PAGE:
Stability Loss of the Cemented Stem of Hip Prosthesis due to Fretting Corrosion Fatigue
Authors: L. Capitanu, L.-L. Badita, V. Florescu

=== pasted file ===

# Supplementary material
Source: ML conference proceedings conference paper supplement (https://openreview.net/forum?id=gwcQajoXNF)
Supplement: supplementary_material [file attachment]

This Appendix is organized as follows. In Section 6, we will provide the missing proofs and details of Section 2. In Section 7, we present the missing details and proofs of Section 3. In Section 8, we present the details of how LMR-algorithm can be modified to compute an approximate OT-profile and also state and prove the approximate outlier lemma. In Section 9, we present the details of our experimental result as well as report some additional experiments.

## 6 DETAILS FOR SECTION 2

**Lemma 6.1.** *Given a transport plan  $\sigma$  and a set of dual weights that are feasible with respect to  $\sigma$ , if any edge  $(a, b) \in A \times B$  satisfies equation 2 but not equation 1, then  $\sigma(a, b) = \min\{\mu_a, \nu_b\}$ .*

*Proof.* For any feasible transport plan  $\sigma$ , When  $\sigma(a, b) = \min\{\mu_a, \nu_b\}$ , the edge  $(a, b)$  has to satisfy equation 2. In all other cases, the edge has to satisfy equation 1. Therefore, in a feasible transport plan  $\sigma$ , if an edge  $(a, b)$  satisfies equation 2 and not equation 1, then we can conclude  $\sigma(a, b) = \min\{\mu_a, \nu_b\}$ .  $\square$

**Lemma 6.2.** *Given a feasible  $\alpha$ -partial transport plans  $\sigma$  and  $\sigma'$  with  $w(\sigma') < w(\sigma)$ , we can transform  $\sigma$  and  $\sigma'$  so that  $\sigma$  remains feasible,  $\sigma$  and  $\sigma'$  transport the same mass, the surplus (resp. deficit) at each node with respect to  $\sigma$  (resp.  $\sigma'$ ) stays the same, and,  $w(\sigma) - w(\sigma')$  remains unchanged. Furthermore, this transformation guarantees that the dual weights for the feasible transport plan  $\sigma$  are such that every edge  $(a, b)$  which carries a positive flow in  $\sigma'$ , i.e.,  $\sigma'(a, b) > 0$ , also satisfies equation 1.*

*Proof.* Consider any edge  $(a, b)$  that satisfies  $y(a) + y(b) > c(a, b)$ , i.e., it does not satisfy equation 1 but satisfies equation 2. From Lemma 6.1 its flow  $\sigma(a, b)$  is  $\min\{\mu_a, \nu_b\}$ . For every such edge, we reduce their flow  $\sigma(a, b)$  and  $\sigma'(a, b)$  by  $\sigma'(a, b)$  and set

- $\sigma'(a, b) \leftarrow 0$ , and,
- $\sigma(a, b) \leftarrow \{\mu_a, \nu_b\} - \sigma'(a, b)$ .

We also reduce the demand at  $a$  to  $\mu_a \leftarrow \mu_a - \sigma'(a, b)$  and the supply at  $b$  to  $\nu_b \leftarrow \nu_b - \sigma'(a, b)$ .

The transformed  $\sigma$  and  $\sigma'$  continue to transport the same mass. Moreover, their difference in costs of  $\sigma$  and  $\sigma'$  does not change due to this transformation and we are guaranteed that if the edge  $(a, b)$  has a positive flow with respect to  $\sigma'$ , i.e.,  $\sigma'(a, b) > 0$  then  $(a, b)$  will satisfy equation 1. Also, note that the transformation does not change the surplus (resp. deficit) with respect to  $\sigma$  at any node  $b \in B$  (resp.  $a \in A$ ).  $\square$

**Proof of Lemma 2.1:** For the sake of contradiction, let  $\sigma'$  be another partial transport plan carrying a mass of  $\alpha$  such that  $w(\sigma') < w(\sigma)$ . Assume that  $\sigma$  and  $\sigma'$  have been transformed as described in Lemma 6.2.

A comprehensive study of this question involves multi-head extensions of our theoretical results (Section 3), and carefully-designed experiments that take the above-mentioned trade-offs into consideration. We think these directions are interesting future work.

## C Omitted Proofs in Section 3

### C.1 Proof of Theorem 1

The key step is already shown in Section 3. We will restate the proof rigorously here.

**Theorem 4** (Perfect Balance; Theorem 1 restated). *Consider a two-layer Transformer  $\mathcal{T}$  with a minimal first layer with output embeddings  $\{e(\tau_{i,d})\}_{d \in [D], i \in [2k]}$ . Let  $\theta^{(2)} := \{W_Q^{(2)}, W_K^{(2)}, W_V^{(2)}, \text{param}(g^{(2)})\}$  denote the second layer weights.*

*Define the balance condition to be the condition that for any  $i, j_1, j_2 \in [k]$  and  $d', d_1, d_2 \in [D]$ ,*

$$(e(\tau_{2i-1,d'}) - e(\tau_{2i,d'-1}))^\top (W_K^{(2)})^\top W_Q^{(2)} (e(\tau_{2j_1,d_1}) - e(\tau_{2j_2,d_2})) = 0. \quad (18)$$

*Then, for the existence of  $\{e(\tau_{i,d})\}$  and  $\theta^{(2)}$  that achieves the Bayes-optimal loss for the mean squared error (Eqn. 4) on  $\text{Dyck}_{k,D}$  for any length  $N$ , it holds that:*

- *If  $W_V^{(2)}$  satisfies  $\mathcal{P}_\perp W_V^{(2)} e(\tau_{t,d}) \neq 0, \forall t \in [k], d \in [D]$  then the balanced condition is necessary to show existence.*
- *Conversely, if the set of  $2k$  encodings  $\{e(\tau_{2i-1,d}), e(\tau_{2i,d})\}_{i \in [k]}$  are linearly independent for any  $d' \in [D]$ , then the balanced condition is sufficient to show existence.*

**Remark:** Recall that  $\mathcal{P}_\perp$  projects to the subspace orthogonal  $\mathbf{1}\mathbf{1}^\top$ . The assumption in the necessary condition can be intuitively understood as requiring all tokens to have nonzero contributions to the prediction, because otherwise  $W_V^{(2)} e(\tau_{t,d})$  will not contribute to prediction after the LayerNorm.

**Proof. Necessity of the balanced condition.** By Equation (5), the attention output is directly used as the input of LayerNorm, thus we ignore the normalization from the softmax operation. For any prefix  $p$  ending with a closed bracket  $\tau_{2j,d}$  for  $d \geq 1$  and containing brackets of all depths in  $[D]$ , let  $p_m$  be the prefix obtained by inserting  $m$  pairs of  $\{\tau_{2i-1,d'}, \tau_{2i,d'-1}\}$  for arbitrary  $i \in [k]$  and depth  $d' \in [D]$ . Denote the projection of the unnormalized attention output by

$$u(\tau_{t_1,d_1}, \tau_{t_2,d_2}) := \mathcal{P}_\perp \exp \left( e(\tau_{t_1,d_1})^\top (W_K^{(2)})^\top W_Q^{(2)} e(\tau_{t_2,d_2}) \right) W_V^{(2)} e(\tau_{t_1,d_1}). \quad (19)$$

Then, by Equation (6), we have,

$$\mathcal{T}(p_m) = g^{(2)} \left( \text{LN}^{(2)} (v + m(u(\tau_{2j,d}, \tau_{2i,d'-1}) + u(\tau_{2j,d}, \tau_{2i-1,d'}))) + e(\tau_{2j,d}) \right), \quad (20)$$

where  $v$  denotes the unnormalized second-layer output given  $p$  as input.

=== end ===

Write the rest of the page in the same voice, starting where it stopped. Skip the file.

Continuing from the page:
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Aim of this project was to study the fretting behaviour of the cemented femoral stem fixation of a total hip prosthesis, trying to capture the loss of contact between the femoral stem and polymetylmethacrilate cement fixation. To have a landmark, studies were performed compared with cementless fixation, where no fretting phenomenon occurs, on real prostheses, under biological 3D loading conditions. A fatigue test device, installed on a servo-hydraulic triaxial dynamic testing machine was used. It allowed monitoring the flexion-extension, abduction-adduction, inner-outer rotation movements, and the variation of the torsional torque, depending on normal loading. The test ends when the sample does not fail after 2000000 cycles, or when it has reached a predetermined number of cycles. Test fluid medium used was NaCl mixed with distilled water, a favourable environment for appearance of fretting corrosion. After the failure of stem fixation at 2450000 cycles, the mantle of bone cement remaining adherent on femoral stem was removed. Microscopic inspection of the femoral stem and of the inner part of the polymetylmethacrilate mantle demonstrated the existence of corrosion of the femoral stem surface beneath the cement mantle, and Fe2O3 deposits on the femoral stem surface and on the inner part of the mantle.